I my humble opinion I support the Rob Ferguson's comments, Nab has got this all wrong they will fall on the sword of their own making. Has the major banks ever understood Advice and best interests of clients it has always about the transaction and platform never really about client centric advice. This will benefit the advice business that are delivering value to clients with value and great advice long live the Self employed Professional

  • Rob Ferguson on 10/12/2013 10:22:10 AM

    I don't suppose the tellers will be able to recommend something other than MLC? You know, best interest and all that? So now my clients will be harassed by some poor young teller with a sales target every time they venture into a branch. Oh sorry that already happens! The beautiful thing about this is that every time they do it a little bit more of the banks goodwill floats off into history

  • PETER CORRIE on 9/12/2013 1:49:03 PM

    FOFA legislation has failed to provide more financial advice to Australians.
    Fees for service are in most cases a failure because a client won't pay or cannot afford to pay fees. As a result clearly the bank is avoiding the cost of employing Financial Advisers/Planners wherever possible.
    Tellers will be subject to non disclosure, misrepresentation and inappropriate advice even if it is scaled advice.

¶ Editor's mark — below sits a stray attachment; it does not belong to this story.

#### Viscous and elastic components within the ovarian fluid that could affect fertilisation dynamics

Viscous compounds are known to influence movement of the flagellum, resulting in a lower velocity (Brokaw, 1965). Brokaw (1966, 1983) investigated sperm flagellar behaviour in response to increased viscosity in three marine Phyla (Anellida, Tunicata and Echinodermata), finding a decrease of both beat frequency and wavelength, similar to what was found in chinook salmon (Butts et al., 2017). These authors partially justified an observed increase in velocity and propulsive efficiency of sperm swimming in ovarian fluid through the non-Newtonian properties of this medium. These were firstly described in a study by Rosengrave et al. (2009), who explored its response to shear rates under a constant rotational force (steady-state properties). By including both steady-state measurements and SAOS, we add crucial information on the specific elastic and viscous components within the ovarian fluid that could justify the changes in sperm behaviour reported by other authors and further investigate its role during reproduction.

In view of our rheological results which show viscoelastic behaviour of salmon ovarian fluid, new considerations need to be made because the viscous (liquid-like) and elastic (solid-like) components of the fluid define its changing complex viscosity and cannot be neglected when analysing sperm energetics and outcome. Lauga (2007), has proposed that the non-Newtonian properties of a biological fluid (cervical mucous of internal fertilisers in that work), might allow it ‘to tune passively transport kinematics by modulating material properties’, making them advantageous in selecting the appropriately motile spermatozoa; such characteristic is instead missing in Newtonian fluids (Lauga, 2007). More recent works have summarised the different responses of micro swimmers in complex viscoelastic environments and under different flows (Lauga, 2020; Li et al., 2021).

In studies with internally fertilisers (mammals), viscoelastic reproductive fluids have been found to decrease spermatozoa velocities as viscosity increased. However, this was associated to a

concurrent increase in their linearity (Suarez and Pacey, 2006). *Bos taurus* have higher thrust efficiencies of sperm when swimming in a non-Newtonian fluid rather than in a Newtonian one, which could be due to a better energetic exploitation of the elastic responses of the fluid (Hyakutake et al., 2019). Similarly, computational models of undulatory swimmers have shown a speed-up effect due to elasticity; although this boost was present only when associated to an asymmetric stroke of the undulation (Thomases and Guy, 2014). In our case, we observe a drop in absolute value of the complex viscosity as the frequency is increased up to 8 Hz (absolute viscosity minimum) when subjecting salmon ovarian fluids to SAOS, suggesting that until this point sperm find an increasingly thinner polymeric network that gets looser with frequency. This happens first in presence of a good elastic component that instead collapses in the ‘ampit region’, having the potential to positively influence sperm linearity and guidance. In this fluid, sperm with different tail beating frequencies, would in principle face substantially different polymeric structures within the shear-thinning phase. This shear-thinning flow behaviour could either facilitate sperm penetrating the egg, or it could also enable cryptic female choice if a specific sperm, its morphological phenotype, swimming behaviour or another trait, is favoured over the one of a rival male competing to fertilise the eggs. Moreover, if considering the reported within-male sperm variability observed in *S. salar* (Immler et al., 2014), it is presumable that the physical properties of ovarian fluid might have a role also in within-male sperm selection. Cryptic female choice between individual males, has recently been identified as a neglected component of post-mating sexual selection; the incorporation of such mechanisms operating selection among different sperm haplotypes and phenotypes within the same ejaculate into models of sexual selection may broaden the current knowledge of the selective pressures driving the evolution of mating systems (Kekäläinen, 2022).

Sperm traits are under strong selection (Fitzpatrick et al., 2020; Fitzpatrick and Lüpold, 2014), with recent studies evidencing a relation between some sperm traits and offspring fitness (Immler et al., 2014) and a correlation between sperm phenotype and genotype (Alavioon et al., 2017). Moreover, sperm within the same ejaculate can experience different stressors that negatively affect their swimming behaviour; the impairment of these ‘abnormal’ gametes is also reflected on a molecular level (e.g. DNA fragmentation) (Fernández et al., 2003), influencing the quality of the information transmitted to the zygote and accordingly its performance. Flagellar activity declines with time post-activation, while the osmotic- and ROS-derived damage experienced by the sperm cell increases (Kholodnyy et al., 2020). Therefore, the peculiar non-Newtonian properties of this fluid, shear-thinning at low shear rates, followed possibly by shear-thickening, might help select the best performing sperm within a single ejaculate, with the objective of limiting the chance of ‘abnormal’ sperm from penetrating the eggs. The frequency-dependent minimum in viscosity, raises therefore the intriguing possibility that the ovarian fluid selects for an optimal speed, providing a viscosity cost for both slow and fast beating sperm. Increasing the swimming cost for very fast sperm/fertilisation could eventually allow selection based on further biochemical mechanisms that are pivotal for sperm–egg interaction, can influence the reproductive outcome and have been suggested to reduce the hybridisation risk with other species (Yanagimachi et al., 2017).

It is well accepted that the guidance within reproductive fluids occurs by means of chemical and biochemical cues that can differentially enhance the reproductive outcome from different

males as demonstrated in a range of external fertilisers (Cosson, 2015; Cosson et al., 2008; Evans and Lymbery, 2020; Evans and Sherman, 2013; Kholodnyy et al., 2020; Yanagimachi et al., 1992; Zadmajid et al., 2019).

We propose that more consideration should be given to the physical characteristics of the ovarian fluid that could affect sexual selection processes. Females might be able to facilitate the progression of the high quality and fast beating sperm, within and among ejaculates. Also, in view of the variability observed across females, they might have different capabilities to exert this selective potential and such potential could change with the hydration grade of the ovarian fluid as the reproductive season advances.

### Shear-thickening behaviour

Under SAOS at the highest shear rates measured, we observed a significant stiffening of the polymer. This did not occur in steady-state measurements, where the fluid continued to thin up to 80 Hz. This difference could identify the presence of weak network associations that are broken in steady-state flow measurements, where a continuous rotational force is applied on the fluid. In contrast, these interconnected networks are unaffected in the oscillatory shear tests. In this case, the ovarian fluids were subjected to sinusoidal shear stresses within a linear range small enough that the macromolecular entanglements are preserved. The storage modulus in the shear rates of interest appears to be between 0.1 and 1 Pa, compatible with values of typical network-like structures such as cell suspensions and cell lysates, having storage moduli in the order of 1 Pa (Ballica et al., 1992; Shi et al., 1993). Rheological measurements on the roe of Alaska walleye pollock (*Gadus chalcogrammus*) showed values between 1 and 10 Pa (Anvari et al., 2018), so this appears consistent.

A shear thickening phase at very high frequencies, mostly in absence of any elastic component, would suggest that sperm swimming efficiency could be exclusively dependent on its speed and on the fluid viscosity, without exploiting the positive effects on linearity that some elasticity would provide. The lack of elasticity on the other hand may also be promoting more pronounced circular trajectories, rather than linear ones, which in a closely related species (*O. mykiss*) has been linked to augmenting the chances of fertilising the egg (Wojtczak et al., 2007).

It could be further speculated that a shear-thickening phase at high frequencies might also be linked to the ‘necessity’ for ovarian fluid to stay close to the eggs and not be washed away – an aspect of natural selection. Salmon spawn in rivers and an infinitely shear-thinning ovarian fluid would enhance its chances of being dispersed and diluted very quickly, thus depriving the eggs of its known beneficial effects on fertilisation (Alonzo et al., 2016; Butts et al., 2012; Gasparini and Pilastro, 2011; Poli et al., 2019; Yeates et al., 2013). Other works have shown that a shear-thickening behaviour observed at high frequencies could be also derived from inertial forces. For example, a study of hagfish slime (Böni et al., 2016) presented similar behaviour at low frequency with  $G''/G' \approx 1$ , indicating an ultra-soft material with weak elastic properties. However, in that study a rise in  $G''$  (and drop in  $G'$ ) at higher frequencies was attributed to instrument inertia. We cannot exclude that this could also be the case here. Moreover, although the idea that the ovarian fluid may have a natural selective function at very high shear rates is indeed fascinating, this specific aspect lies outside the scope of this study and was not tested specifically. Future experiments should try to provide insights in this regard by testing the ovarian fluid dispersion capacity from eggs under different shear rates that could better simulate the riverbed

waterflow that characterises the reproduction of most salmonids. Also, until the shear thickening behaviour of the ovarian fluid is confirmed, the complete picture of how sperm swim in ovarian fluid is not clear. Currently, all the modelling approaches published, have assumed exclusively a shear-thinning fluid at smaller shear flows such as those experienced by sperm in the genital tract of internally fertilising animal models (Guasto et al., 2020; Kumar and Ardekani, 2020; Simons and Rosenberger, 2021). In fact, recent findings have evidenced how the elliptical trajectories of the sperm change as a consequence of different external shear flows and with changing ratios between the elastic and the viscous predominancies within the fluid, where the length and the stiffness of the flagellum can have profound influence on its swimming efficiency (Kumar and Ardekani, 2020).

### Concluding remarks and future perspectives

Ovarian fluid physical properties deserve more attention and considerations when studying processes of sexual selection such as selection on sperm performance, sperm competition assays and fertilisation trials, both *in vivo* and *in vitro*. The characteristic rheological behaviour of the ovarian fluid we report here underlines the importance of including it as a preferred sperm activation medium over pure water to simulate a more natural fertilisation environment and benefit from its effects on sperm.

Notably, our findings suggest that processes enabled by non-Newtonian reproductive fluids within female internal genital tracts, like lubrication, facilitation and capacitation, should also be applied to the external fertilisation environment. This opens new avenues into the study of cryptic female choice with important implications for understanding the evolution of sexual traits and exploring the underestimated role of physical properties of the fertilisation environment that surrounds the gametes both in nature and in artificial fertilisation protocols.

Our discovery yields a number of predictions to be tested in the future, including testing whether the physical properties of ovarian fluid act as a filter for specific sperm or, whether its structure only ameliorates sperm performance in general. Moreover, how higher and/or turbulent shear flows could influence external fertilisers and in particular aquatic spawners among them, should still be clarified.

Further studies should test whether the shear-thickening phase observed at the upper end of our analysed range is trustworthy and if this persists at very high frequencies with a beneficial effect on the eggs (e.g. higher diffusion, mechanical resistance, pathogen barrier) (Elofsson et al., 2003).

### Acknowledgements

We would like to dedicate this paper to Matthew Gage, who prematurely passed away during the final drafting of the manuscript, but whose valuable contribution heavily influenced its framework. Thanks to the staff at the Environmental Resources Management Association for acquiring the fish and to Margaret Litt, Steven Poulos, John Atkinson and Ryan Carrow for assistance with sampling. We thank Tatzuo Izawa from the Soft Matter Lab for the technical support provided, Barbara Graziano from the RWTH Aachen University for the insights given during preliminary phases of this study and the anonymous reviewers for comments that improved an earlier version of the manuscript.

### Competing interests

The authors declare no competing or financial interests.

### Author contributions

A large percentage of the policies sold will be useless at claim time with nobody to represent them either and most will lapse between 0--4 years.
    Now that's not a good way to provide good advice , however one advantage for us could be that it plays into our hands in the future, if we are in a position to offer these bank customers comprehensive professional advice.

  • Innocent Observer on 9/12/2013 1:43:52 PM

    Clearly she doesn't realise that even the "simple" stuff requires a process to be followed, which costs time and money. Whether of not they can successfully provide a so-called "lite" offer in a in the best interest of the client while adhering to all compliance/regulatory responsibilities and without sales incentives is something I would be interested to see. I can see this going pear-shaped

  • Barry D on 9/12/2013 12:53:53 PM

    Why can't one be educated in a general sense to give general advice and then refer to an expert? Works for me.

  • Craig Yates on 9/12/2013 11:47:09 AM

    I can only assume therefore that the word "lite" refers to "light", meaning light weight and subsequently useless.
    Just like when you go to the supermarket and look at the back of most products with the word "lite" on them...they have usually taken out all the good stuff, replaced them with artificial ingredients in a bid to make you believe you are doing the right thing.
    This type of approach goes against all the foundation of what the legislation is really trying to achieve in the provision of relevant, researched, compliant advice that is appropriate,in the clients best interests, is concise and can be clearly understood.